Islamic Banking and/or Finance and Role of Shariah Committee[9]

It is important to appreciate that the concept of Banking and/or Finance in the conventional sense does not exist in the Quran and/or teachings of the Holy Prophet (S.A.W). There were only trading concepts to facilitate Islamic Commercial transactions. Some of the trading concepts used were mudarabah (partnership), ijarah (leasing), murabahah (deferred payment sale), etc.

In the last three or four decades, these trading concepts were used as financing instruments. For example, a person who has adequate capital can purchase a number of cars and lease them out to earn an income and/or sell them on deferred payment sale and thereby make a profit. For all these modes, there was no necessity for a Shariah Committee to approve the facility documents. It was purely based on willing buyer and customer basis subject to the laws of the state.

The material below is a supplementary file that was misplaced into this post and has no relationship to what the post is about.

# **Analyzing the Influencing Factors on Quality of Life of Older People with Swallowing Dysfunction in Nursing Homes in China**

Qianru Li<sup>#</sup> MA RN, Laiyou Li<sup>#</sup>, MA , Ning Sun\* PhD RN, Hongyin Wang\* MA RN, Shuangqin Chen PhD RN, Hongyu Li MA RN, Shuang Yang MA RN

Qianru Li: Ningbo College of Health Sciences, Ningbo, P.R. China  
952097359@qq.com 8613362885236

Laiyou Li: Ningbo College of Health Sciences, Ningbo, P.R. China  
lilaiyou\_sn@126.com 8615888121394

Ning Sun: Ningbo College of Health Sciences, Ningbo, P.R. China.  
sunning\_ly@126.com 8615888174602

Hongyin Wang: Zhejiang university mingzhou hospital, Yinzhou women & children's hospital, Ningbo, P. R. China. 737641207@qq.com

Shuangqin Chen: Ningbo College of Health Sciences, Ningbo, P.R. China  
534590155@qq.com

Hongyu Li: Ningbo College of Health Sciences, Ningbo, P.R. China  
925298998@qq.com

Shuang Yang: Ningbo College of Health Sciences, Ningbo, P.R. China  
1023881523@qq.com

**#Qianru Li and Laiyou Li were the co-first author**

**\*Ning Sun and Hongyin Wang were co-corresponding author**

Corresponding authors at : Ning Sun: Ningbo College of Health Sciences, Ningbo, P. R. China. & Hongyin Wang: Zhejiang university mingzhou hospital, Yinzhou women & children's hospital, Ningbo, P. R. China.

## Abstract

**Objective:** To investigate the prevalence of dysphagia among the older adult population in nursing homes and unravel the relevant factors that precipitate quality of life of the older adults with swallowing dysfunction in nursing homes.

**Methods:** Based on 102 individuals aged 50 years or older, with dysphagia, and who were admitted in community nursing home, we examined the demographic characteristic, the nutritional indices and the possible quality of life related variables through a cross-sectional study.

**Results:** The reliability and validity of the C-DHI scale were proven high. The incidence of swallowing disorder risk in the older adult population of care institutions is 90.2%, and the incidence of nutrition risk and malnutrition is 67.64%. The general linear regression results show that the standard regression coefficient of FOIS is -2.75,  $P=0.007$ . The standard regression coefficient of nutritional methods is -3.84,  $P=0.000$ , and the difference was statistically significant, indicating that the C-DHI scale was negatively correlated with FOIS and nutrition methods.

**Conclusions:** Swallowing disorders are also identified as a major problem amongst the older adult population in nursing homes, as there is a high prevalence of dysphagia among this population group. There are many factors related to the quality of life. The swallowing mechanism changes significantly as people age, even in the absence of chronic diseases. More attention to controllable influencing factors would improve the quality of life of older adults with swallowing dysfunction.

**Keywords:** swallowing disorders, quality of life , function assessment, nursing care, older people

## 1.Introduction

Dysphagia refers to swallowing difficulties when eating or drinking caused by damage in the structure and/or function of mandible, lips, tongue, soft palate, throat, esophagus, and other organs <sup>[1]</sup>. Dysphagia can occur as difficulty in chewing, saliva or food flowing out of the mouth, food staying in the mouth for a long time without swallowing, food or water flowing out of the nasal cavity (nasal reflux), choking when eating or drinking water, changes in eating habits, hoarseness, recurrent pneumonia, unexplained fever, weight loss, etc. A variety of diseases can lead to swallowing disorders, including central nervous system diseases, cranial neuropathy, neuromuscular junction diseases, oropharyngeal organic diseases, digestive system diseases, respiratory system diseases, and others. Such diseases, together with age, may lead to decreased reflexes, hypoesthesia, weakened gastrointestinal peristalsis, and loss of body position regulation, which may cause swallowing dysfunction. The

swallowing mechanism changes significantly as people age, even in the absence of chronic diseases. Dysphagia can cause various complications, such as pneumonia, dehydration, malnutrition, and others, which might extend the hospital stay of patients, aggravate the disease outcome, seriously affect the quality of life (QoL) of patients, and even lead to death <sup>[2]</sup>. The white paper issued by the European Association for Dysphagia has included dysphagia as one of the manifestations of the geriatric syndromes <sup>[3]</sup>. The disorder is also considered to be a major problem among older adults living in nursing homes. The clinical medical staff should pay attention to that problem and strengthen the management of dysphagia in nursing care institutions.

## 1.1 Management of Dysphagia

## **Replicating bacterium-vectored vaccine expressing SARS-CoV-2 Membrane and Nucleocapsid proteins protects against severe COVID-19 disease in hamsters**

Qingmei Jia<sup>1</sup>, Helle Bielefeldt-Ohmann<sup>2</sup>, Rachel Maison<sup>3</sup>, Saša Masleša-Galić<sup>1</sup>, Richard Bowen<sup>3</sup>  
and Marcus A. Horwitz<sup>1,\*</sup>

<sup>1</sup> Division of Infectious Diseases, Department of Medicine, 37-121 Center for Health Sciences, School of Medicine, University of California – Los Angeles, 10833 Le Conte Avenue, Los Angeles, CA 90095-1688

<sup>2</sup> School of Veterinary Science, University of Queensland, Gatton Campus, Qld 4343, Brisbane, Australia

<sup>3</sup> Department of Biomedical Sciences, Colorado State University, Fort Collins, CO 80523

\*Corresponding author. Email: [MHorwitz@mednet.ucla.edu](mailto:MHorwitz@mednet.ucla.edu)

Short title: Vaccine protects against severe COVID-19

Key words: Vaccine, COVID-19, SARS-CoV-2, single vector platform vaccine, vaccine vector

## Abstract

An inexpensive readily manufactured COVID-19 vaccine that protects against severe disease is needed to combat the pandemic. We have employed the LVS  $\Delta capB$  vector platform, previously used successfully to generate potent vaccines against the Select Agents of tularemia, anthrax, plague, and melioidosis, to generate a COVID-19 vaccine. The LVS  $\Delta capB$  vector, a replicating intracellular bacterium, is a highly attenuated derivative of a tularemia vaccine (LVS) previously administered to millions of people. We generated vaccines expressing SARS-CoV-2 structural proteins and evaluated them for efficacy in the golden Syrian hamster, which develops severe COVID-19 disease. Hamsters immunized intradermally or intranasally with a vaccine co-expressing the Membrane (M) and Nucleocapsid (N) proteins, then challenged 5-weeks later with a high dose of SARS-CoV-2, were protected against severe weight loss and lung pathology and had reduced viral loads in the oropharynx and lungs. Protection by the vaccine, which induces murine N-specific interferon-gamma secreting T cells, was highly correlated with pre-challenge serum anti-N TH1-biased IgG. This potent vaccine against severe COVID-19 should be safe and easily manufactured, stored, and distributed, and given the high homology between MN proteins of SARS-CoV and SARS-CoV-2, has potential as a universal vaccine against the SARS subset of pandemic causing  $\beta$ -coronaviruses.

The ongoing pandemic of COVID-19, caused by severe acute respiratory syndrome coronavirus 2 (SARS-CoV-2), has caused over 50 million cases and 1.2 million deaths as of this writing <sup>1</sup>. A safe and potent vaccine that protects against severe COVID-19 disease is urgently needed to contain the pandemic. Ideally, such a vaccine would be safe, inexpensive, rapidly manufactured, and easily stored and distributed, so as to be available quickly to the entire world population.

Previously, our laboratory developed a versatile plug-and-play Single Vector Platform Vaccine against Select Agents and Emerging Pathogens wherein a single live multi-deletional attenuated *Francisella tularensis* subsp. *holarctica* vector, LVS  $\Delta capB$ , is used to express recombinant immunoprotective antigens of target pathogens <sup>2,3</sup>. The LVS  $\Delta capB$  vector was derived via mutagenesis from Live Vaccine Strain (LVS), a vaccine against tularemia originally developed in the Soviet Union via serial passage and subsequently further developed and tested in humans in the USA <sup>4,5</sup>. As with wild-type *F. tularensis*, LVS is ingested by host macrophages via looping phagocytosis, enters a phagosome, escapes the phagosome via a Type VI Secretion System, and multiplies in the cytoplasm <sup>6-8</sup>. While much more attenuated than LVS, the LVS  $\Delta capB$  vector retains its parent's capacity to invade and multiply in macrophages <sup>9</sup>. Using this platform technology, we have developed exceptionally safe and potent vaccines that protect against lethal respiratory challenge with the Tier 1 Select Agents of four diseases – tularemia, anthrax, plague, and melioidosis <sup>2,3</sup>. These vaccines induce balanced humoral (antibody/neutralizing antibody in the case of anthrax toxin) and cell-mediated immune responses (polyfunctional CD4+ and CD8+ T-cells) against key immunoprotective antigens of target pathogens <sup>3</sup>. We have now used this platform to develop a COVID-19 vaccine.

As a general rule, when financers needed capital to operate finance facilities inevitably they needed depositors to fund their activities. To do so, they needed to obtain permission from the central bank as well as comply with regulatory measures. Islamic financers also have to go through the process to attract Muslim depositors they had to assure and/or guarantee that the money received and profit earned as well as the profit given to the depositors are Shariah compliant. This is where the role of the Shariah Committee emerged and its main purpose was to endorse all financial transactions of the Financier are Shariah compliant. Thus, the endorsement of the Shariah Committee was instrumental for attracting Muslim depositors.